The road to healthcare access for LGBTQ individuals who test positive for HIV is often filled with obstacles. LGBTQ individuals with HIV have reported being denied necessary healthcare due to discrimination and have also faced providers that speak to them harshly, blame them for their HIV status, or refuse to touch them. These types of reports are especially prevalent among transgender patients, who also face particular discrimination challenges in employment and other contexts.
Traditionally, LGBTQ individuals have faced challenges obtaining insurance and have encountered discrimination in hospitals, clinics, and other healthcare settings. They may also face poor outcomes, particularly in emergency contexts, due to health care providers that refuse to provide the appropriate care due to religious or other personal beliefs. For example, one HIV-positive LGBTQ individual was scheduled to have spinal fusion surgery, but upon learning that the patient was HIV positive, the surgeon canceled the surgery and refused to perform it. One study determined that 1 out of 3 LGBTQ individuals with incomes below 400% of the federal poverty line were found to be uninsured.
The legalization of same-sex marriage and the anti-discrimination provisions of the Affordable Care Act (ACA) have led to greater healthcare access to HIV positive LGBTQ individuals. Same sex or transgender spouses that were previously unable to access insurance may now be able to access insurance through a spouse’s employer.
The ACA gives greater healthcare access to transgender individuals because it prohibits insurance companies from denying coverage to those with “pre-existing conditions.” Historically, many insurers have considered transgender identity a “pre-existing condition,” and refused to insure transgender individuals.
The ACA also includes anti-discrimination provisions related to sexual orientation, gender identity, and health status. No healthcare program or organization that receives funds or is administered by the federal government is permitted to discriminate on the basis of these categories. This means that federally funded or administered programs cannot discriminate on the basis of HIV status. A number of different entities receive federal funds, including doctor’s offices, drug rehabilitation centers, rape crisis centers, veteran’s health centers, hospitals, and community clinics.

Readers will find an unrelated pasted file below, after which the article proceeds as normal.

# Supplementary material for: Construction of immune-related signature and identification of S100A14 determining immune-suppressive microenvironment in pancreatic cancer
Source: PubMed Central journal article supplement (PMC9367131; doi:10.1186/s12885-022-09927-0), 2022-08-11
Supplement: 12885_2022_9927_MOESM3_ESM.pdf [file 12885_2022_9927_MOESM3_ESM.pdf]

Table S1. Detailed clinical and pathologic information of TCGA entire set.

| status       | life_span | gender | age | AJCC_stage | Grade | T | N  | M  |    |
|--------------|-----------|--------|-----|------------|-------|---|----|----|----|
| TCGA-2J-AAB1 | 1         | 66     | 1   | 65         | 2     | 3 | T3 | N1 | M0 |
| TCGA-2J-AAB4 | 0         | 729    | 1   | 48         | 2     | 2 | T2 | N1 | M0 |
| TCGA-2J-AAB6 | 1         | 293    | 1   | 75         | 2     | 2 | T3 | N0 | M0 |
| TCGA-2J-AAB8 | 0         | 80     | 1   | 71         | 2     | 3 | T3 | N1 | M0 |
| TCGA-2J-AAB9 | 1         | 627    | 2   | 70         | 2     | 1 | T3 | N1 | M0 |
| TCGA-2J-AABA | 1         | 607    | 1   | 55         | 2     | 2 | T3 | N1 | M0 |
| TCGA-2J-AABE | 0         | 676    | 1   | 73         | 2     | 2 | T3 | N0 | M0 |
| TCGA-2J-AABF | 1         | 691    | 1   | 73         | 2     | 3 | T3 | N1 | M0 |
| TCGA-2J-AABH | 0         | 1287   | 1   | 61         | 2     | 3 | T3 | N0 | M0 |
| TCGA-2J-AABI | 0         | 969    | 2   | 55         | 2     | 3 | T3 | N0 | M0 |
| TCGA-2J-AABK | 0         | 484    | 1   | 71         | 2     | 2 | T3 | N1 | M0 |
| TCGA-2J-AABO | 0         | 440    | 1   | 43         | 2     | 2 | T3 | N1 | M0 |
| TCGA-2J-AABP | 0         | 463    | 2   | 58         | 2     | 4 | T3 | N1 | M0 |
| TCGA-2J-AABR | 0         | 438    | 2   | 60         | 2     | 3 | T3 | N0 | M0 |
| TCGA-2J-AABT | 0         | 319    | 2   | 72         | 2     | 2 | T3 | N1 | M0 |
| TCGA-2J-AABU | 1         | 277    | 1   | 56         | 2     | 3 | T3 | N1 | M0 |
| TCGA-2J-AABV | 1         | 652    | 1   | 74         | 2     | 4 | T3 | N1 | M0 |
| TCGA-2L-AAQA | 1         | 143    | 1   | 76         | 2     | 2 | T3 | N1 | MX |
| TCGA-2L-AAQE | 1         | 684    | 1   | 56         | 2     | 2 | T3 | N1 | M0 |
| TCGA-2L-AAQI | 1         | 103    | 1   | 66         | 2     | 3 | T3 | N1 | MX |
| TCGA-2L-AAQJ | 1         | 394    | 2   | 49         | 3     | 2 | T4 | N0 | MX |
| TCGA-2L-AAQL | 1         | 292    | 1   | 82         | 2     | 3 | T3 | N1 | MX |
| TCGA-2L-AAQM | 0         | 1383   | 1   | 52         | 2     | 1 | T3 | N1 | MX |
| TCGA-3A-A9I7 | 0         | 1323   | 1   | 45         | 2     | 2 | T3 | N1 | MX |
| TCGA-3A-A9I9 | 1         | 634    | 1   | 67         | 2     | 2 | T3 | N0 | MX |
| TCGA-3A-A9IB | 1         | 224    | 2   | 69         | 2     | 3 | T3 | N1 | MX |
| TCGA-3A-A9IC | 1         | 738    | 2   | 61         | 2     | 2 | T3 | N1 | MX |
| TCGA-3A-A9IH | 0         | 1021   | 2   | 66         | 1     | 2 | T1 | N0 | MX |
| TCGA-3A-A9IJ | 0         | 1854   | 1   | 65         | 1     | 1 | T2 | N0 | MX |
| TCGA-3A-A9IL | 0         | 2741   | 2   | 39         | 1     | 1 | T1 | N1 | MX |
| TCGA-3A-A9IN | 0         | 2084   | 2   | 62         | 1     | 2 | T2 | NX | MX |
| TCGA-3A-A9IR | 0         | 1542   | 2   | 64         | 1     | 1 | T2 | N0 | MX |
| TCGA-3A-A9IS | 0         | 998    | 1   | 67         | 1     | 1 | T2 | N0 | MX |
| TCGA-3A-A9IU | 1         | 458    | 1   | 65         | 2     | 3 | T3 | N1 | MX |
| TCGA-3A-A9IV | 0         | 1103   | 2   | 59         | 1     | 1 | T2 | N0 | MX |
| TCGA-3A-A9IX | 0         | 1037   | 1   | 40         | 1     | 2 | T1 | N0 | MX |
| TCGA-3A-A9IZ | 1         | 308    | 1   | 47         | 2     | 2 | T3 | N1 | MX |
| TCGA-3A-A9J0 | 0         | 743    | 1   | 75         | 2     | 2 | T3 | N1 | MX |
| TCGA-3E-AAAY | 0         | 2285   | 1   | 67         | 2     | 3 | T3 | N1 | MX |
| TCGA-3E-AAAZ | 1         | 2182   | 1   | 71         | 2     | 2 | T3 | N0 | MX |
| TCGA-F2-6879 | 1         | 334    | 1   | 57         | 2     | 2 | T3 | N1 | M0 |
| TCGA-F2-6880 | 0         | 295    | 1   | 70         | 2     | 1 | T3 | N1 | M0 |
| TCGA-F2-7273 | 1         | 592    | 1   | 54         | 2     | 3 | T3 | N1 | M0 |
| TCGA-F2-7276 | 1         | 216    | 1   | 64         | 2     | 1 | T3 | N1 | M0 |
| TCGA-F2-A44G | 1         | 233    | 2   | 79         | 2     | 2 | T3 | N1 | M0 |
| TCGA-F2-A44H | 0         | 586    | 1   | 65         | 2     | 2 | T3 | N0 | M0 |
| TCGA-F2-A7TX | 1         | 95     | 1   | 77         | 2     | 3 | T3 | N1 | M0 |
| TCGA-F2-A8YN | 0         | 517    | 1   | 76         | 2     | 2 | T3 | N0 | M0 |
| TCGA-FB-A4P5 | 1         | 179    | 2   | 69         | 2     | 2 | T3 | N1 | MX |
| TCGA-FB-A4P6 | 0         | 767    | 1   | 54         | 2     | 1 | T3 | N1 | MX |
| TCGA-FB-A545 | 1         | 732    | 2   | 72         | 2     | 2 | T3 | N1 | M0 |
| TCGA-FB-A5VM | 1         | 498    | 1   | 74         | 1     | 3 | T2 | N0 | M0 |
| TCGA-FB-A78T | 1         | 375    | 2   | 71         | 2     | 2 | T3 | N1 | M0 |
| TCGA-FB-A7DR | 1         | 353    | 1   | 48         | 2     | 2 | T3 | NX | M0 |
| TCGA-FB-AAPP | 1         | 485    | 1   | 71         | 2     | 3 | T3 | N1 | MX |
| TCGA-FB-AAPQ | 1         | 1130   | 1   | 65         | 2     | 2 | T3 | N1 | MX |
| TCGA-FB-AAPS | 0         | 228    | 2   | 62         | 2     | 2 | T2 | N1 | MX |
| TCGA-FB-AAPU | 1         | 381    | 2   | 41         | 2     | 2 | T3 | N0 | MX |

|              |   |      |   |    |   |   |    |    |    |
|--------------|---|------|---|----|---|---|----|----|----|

In some states, the ACA also expanded Medicaid and created federally subsidized health insurance marketplaces. However, certain states have chosen not to expand. The ACA also faces an unclear future following recent political developments, although it remains valid at the time of this writing.
The Obergefell v. Hodges ruling that legalized same sex marriage and the ACA may reduce the rate of uninsured individuals in the LGBTQ community, and could also have a positive outcome on HIV positive LGBTQ patients. However, certain issues remain. One of the major issues is that state policies vary widely, especially with regard to Medicaid expansion. In states that have chosen not to expand Medicaid, many LGBTQ individuals are caught in a gap where they are not eligible for Medicaid, but are also too poor to qualify for subsidized coverage. Moreover, in many states employers can fire an employee for being LGBTQ, thereby ending the employee’s access to health coverage.
Since federal law doesn’t prohibit sexual orientation and gender identity discrimination outside of state marketplaces, discrimination can continue in certain spaces. Healthcare access for LGBTQ individuals with HIV is an area that may be affected in the future through impact litigation.